Core Value 3 – Emphasis:
This leads us to the second diversionary tactic: the way of flight. This is the common path of the “Pharisee,” the uninformed, the falsely innocent and often the conservative type. They deny the pain altogether, they refuse to carry the shadow side of anything in themselves or in their chosen groups…
But the flight people are also subject to hypocrisy, projection or just plain illusion: ‘We are right and you are wrong”…The world is divided into black and white and I know who the good guys and bad guys are.
The “shadow side” referred to is evidence of the influence of Carl Jung’s ideas on Rohr. Jung taught that everyone has a “shadow side” from which we try to hide. Who are the “flight people?” The Rohr term uses applies to anyone who believes in holding to sound doctrine or orthodoxy. It is wrong, according to Rohr, to say that a particular doctrine is right, and teaching contrary to it is wrong.
The claim is self-refuting because Rohr himself is saying something is wrong, and in doing so, he is making a distinction.
Secondly, it is not a matter of opinion when it comes to clear doctrines taught and supported in Scripture. So what one thinks is not the point. Rohr vilifies people in the above description by using words like hypocrisy, illusion, and black-and-white in order to castigate anyone who would disagree with him.
Rohr also sees “dividing the world into black and white” as dualistic. Being non-dual is the ideal for Rohr. In his mind, being non-dual means the Perennial Wisdom view that everything is connected and already in Christ, so nobody is “out.”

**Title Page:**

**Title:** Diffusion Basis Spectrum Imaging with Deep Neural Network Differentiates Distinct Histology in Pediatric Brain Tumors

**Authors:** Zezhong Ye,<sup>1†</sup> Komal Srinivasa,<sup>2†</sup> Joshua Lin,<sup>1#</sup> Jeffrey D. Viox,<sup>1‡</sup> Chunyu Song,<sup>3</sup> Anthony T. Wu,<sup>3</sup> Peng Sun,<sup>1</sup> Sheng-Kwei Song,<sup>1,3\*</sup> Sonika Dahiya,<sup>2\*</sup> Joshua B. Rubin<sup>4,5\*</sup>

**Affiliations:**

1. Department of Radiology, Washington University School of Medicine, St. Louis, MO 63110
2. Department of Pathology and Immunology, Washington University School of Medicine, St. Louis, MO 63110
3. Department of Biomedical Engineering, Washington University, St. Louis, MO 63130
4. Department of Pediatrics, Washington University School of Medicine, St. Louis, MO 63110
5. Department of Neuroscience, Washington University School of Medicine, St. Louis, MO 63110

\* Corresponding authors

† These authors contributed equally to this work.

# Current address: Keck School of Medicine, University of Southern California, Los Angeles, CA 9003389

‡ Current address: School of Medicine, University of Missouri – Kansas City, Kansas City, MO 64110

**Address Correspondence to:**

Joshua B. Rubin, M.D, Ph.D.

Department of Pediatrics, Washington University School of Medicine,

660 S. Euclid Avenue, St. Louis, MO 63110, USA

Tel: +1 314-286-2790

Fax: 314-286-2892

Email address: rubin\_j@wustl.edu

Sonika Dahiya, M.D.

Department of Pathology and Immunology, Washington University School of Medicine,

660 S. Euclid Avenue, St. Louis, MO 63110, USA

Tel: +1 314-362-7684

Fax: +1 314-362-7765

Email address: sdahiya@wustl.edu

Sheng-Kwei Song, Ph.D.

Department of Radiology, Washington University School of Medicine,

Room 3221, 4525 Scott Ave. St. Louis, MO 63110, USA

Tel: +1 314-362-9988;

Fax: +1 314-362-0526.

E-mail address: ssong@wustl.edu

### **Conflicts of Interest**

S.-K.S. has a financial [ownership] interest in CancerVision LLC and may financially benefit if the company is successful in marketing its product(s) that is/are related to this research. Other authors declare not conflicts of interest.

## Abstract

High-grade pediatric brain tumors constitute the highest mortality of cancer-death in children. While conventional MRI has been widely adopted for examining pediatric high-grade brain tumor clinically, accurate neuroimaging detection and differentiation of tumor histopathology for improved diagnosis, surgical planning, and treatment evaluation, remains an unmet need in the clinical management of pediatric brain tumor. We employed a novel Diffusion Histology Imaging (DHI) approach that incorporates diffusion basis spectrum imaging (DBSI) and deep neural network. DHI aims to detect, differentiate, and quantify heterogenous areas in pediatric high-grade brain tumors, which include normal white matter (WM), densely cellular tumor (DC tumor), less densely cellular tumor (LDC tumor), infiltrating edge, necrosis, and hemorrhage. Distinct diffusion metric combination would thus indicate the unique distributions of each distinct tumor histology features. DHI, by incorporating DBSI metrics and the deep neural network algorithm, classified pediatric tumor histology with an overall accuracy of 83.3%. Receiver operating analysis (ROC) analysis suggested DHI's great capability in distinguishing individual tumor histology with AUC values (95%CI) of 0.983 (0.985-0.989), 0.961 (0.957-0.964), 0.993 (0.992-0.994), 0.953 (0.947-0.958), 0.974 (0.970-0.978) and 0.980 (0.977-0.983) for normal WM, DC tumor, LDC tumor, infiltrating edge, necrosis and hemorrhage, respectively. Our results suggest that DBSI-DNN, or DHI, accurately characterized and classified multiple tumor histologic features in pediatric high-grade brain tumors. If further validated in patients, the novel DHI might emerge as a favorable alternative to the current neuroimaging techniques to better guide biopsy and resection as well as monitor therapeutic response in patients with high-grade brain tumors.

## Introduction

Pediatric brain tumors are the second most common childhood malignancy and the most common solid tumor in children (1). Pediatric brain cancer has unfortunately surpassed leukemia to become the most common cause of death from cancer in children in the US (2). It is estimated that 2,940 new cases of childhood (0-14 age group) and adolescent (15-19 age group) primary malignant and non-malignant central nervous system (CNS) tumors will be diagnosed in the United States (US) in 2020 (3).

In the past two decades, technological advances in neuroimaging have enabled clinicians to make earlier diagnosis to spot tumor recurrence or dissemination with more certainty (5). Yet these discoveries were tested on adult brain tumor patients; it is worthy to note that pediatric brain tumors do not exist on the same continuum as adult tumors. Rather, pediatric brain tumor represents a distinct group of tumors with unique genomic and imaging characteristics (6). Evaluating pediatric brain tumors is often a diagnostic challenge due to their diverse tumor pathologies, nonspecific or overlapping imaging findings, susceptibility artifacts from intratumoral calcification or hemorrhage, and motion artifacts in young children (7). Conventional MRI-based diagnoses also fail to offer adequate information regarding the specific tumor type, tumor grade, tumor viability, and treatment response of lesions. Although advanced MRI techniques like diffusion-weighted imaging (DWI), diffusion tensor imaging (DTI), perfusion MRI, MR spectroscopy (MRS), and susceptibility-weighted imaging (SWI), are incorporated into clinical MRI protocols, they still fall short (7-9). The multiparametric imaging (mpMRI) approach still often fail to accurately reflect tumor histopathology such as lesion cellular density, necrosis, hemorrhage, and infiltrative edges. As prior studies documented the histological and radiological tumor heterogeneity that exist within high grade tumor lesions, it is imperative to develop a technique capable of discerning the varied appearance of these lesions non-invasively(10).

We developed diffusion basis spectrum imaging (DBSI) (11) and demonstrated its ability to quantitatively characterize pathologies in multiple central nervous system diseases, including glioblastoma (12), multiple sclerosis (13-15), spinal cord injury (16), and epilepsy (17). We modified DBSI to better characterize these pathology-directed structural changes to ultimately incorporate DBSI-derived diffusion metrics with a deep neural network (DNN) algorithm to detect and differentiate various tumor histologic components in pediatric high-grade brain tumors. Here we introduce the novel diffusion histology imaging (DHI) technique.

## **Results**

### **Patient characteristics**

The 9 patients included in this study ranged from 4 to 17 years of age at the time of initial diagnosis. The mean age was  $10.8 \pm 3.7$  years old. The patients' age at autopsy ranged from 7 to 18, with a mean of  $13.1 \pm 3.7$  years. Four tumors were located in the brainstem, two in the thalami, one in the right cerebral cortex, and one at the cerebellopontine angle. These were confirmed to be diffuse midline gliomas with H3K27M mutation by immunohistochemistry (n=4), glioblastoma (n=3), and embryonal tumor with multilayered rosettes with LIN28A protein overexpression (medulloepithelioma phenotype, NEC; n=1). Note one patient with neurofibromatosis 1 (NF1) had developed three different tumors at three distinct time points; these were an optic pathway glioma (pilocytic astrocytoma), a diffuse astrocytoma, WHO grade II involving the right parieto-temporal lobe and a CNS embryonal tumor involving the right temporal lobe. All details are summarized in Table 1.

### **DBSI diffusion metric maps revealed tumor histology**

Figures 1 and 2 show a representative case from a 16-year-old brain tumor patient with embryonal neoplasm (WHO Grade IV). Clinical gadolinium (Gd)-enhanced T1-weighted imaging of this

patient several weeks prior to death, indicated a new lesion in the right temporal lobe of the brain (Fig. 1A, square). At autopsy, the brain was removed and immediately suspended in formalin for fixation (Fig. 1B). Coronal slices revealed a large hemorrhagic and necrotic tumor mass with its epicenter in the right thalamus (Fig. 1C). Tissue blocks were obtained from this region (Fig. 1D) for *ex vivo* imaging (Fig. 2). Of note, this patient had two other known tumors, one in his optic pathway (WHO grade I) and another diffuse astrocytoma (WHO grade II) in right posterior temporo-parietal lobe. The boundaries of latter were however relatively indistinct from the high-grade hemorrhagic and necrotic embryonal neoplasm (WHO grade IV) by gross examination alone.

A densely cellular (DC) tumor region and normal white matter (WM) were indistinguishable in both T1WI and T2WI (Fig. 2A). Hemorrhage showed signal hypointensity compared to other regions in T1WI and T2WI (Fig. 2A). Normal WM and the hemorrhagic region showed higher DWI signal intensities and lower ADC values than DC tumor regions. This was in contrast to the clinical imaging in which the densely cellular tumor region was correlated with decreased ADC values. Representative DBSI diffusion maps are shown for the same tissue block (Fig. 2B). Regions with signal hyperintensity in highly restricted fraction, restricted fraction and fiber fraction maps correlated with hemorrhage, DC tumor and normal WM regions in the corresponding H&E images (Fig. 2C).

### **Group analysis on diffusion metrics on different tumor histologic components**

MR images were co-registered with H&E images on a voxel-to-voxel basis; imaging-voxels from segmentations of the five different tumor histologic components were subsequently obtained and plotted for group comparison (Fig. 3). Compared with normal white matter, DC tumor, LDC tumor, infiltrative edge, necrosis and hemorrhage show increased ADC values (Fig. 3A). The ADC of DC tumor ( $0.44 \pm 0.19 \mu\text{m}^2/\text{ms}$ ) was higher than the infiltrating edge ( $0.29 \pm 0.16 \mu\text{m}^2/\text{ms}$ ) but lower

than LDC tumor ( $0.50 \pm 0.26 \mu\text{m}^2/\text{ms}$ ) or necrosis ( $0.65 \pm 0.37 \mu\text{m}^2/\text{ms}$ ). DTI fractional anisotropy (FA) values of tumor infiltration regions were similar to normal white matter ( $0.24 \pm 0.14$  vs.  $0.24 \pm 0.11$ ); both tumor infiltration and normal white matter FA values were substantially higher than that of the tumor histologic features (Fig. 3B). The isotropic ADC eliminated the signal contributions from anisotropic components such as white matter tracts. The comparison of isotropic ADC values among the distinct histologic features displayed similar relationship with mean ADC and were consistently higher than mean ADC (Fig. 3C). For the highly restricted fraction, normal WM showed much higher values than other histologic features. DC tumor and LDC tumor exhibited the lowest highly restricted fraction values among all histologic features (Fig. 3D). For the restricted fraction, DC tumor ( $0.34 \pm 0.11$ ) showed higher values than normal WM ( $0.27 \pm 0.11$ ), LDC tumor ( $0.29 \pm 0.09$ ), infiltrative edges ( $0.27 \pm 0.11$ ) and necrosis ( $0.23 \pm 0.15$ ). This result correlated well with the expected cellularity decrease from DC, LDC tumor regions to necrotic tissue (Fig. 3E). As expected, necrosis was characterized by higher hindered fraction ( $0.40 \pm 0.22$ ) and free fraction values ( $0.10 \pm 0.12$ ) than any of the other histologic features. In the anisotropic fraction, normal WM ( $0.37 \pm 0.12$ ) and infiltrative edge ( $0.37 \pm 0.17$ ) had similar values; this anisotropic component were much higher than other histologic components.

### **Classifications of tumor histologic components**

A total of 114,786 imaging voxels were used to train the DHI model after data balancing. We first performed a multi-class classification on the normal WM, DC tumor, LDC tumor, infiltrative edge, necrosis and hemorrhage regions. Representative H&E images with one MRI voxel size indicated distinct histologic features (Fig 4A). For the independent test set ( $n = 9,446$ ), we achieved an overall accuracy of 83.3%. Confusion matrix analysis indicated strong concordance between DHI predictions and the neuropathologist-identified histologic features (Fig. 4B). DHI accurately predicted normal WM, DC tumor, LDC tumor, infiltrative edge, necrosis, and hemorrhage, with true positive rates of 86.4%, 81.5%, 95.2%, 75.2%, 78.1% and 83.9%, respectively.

However, Rohr is still not specific enough for anyone to claim he is saying anything wrong or know exactly who he is criticizing. His terms, such as “shadow side,” leave most people in the dark, and one has to have Richard Rohr’s dictionary to know what he means.
Core Value 4 — Perspective:
The edge is a holy place or, as the Celts called it, ‘a thin place’ and you have to be taught how to live there. To take your position on the spiritual edge of things is to learn how to move safely in and out, back and forth, across and return. It is a prophetic position, not a rebellious or antisocial one. When you live on the edge of anything, with respect and honor (and this is crucial!), you are in a very auspicious and advantageous position.
Rohr means that once you realize the truth, as he defines it, then you are in the “holy place.” This place is not within orthodox teachings of any church, so it is on the “edge.”
Rohr positions himself as a Christian who is “in the know” of the real teachings of Christianity, which, ironically, he actually rejects.
Rohr redefines Jesus and Christ because he makes an unbiblical distinction in Jesus Christ. Jesus embodied Christ, but creation was the first incarnation of Christ; Jesus was the second incarnation. When Jesus Christ was resurrected, Christ became more than Jesus, and “Christ said things that Jesus never would have said” (Rohr makes this claim in several interviews).